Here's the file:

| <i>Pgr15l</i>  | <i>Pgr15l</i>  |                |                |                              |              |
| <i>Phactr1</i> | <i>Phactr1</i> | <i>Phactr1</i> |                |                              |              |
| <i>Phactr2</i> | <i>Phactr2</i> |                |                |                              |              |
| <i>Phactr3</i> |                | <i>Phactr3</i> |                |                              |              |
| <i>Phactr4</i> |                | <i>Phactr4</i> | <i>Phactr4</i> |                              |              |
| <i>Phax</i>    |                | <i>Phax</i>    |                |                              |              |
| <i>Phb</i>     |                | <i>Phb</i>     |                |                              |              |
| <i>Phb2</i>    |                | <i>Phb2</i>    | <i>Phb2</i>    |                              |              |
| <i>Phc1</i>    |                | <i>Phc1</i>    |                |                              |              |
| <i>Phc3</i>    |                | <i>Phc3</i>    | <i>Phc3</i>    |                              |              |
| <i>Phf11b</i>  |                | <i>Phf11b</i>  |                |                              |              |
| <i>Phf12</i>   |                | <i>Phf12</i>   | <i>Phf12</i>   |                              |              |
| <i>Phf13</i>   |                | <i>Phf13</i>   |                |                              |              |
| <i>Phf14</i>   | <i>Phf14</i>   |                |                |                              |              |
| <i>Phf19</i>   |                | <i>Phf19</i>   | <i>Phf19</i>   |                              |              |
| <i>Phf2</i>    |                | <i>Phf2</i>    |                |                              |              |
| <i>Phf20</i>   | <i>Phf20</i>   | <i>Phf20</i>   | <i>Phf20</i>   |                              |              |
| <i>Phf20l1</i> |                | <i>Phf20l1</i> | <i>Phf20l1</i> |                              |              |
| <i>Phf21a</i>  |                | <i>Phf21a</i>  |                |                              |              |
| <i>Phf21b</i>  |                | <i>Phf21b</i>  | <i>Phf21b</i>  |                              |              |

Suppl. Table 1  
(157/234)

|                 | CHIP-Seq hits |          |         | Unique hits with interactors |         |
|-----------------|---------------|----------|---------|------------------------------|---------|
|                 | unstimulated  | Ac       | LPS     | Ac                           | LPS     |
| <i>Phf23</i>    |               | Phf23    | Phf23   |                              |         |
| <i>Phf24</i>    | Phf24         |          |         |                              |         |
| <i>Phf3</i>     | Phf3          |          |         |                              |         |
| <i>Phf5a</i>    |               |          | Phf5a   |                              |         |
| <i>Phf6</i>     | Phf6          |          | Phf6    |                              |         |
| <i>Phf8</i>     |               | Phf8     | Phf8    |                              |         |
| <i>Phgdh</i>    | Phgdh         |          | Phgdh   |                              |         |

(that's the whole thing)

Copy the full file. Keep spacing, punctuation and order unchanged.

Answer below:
| <i>Pgr15l</i>  | <i>Pgr15l</i>  |                |                |                              |              |
| <i>Phactr1</i> | <i>Phactr1</i> | <i>Phactr1</i> |                |                              |              |
| <i>Phactr2</i> | <i>Phactr2</i> |                |                |                              |              |
| <i>Phactr3</i> |                | <i>Phactr3</i> |                |                              |              |
| <i>Phactr4</i> |                | <i>Phactr4</i> | <i>Phactr4</i> |                              |              |
| <i>Phax</i>    |                | <i>Phax</i>    |                |                              |              |
| <i>Phb</i>     |                | <i>Phb</i>     |                |                              |              |
| <i>Phb2</i>    |                | <i>Phb2</i>    | <i>Phb2</i>    |                              |              |
| <i>Phc1</i>    |                | <i>Phc1</i>    |                |                              |              |
| <i>Phc3</i>    |                | <i>Phc3</i>    | <i>Phc3</i>    |                              |              |
| <i>Phf11b</i>  |                | <i>Phf11b</i>  |                |                              |              |
| <i>Phf12</i>   |                | <i>Phf12</i>   | <i>Phf12</i>   |                              |              |
| <i>Phf13</i>   |                | <i>Phf13</i>   |                |                              |              |
| <i>Phf14</i>   | <i>Phf14</i>   |                |                |                              |              |
| <i>Phf19</i>   |                | <i>Phf19</i>   | <i>Phf19</i>   |                              |              |
| <i>Phf2</i>    |                | <i>Phf2</i>    |                |                              |              |
| <i>Phf20</i>   | <i>Phf20</i>   | <i>Phf20</i>   | <i>Phf20</i>   |                              |              |
| <i>Phf20l1</i> |                | <i>Phf20l1</i> | <i>Phf20l1</i> |                              |              |
| <i>Phf21a</i>  |                | <i>Phf21a</i>  |                |                              |              |
| <i>Phf21b</i>  |                | <i>Phf21b</i>  | <i>Phf21b</i>  |                              |              |

Suppl. Table 1  
(157/234)

|                 | CHIP-Seq hits |          |         | Unique hits with interactors |         |
|-----------------|---------------|----------|---------|------------------------------|---------|
|                 | unstimulated  | Ac       | LPS     | Ac                           | LPS     |
| <i>Phf23</i>    |               | Phf23    | Phf23   |                              |         |
| <i>Phf24</i>    | Phf24         |          |         |                              |         |
| <i>Phf3</i>     | Phf3          |          |         |                              |         |
| <i>Phf5a</i>    |               |          | Phf5a   |                              |         |
| <i>Phf6</i>     | Phf6          |          | Phf6    |                              |         |
| <i>Phf8</i>     |               | Phf8     | Phf8    |                              |         |
| <i>Phgdh</i>    | Phgdh         |          | Phgdh   |                              |         |